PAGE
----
By Augustine Kanjia
In May 2017, I lost my iPhone 7+ in a friend’s car after she gave me a ride home from work. I persuaded her to search in case it had fallen between the seats, but she convinced me it was not there. Even so, I waited for five months before buying a new one, and I must confess that life was difficult without it.
It was then that I realised how dependent I had become on my smartphone: I am a victim of phone addiction.
In the past, messages were conveyed primarily by word of mouth, but today they are spread mainly by device. That’s not necessarily bad. In fact, smartphone use can be a good thing, but students’ increased dependence on these devices has raised many unanswered questions. As students, we should be mature enough to know the difference between the good, bad and ugly while using the phone. Spending all your time on it is detrimental to the eyes — and to relationships.
Watching students walk in every corner of the campus, one is bound to see students and workers concentrating on their phones. It seems there is no human touch these days, just touch screen.
On the other hand, smartphones are a necessity for many people.
“I have a taxi business in town, and I am in touch with my drivers,” said Glen I. Bangura, a 22-year-old junior Criminal Justice major from Worcester. “Sometimes I dispatch if my workers are not on duty. It is certainly a big deal [for me to be able] to use the phone. I have no option.”
Bangura can run his business, even while busy at school, all from his cell phone.
But excessive phone use has its drawbacks as well. Many students waste their time, neglecting their school work. Students have also had accidents while driving due to texting or the use of social media apps like Facebook, Instagram, Twitter, WhatsApp and others.
“I started being addicted to my cell phone when I got my iPhone 5,” said Peter Hanson, 23, a Biology major at Baker College. “I was given a citation for texting and driving, but I did not listen until I had an accident where I broke my left leg. Now I am not able to do any sport.”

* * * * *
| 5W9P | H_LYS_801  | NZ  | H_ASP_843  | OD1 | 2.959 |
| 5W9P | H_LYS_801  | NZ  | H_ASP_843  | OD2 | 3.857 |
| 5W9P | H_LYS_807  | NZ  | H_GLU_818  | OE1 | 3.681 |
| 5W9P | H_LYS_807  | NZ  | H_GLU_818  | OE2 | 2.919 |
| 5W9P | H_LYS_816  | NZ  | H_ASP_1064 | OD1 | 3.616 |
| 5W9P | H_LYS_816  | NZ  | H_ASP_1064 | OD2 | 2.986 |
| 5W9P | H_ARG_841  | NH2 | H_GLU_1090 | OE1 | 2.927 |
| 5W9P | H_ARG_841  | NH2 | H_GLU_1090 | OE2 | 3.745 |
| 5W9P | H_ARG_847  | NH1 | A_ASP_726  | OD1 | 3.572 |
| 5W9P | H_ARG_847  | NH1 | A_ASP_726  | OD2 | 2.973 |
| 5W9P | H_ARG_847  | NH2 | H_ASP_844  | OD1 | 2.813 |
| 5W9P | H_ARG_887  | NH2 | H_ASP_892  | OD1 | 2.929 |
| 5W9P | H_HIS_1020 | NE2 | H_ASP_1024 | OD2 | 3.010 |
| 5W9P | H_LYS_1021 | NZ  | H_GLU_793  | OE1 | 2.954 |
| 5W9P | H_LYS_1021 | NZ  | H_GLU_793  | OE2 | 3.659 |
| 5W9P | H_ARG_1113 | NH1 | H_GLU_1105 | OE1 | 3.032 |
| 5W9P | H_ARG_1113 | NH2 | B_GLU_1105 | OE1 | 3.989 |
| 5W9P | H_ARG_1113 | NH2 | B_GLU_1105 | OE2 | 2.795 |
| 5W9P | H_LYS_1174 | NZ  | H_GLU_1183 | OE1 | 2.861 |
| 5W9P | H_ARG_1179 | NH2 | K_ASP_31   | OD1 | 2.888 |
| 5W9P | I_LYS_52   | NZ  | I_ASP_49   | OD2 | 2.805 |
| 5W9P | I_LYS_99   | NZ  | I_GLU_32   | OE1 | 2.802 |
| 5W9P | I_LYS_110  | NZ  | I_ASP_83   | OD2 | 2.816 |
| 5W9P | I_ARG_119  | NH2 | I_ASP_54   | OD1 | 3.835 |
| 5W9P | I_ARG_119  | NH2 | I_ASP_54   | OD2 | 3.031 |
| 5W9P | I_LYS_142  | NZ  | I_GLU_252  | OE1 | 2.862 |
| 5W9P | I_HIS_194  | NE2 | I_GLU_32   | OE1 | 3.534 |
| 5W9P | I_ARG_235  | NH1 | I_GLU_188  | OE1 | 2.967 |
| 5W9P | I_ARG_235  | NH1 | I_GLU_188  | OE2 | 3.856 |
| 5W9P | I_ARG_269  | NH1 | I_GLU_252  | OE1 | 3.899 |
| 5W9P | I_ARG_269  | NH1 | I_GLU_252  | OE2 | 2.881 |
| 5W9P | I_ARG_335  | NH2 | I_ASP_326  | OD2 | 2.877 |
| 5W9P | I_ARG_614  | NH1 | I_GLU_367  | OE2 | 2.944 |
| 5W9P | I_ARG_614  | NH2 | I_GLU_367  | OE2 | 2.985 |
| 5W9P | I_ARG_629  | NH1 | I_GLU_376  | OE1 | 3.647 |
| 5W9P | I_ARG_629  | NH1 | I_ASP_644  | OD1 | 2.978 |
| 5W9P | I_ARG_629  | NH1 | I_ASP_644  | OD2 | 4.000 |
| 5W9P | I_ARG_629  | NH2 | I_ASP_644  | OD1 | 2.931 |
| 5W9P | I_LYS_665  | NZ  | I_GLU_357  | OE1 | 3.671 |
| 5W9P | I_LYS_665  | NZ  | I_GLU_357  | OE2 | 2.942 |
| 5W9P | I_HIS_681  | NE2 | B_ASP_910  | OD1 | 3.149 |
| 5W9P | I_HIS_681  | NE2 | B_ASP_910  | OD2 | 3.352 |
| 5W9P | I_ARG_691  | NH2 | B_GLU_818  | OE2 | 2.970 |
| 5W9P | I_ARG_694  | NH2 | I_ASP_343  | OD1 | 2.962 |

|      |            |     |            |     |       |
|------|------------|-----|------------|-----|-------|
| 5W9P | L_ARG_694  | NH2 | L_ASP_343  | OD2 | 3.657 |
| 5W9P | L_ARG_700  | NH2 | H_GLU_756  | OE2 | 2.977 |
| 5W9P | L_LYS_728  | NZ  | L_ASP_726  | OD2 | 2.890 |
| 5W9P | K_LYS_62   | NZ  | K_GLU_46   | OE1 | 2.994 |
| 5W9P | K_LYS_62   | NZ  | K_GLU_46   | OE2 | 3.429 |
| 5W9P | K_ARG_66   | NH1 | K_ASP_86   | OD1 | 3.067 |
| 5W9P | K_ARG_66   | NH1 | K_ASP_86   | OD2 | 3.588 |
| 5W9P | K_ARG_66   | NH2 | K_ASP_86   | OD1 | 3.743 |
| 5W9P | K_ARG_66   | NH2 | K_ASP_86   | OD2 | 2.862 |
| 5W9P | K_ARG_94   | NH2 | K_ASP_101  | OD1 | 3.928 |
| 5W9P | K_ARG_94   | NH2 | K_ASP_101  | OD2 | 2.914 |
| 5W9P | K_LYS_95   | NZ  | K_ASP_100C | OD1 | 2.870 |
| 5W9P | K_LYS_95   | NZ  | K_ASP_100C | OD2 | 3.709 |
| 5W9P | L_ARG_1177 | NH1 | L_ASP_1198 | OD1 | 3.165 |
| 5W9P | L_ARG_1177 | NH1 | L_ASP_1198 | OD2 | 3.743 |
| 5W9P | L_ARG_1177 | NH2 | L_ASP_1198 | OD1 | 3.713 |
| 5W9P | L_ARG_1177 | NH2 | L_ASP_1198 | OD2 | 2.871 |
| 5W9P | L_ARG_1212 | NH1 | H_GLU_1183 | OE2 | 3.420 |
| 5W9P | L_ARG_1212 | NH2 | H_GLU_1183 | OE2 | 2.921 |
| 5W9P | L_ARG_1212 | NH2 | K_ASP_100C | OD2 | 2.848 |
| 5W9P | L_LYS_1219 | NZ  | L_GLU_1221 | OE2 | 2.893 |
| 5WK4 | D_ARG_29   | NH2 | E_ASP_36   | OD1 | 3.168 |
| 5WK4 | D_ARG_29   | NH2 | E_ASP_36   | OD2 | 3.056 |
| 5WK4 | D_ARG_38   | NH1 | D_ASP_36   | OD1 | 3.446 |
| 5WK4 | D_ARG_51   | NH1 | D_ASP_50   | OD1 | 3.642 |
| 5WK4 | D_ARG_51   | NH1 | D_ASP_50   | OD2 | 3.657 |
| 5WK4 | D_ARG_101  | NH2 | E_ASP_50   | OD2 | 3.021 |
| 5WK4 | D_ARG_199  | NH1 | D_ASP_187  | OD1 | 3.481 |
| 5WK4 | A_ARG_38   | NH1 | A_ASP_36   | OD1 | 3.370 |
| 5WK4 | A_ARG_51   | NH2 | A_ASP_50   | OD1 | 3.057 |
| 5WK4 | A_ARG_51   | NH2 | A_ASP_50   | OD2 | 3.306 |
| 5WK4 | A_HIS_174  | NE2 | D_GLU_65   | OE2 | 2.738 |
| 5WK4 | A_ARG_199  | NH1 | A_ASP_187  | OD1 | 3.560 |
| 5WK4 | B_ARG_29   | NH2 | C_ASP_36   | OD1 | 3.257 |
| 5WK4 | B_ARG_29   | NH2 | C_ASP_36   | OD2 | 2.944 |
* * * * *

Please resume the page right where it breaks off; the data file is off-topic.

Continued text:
On the Worcester State’s campus, like other campuses, students even use their phones in class during lectures, though many professors have banned them. This marks a tremendous change from the 90s.
“In 1993, you could see students walking in the corridors talking to each other and interacting,” said Professor Judith Jeon-Chapman.”But today it is mostly students and their phones in their palms. I am not saying they don’t talk, they do but it is far less than in the 90s when we were here at Worcester State.”
“We are all spoiled by our cell phones,” said Ganesh Gurung, a WSU senior. “Those who call us are also at the other end. It is only self control and maturity that can help cell phone users. People in my class use cell phones to look up news items. But outside of the class is more difficult, where students walk head bent in their phones even if there is a sharp reflection from the sun. I wonder where this will take us and the other generations to come.”
Different demographic groups tend to use their phones differently: Young smartphone users, minorities and lower-income Americans are more likely to depend on their smartphones for internet access, while people whose household income is less than $30,000 are often smartphone-dependent, according to Pew Research.
No doubt, many students at Worcester State University are part of the smartphone trend sweeping the world, and many students have confessed that they cannot live without their cell phones. Managing smartphone addiction isn’t easy. But it’s important to try.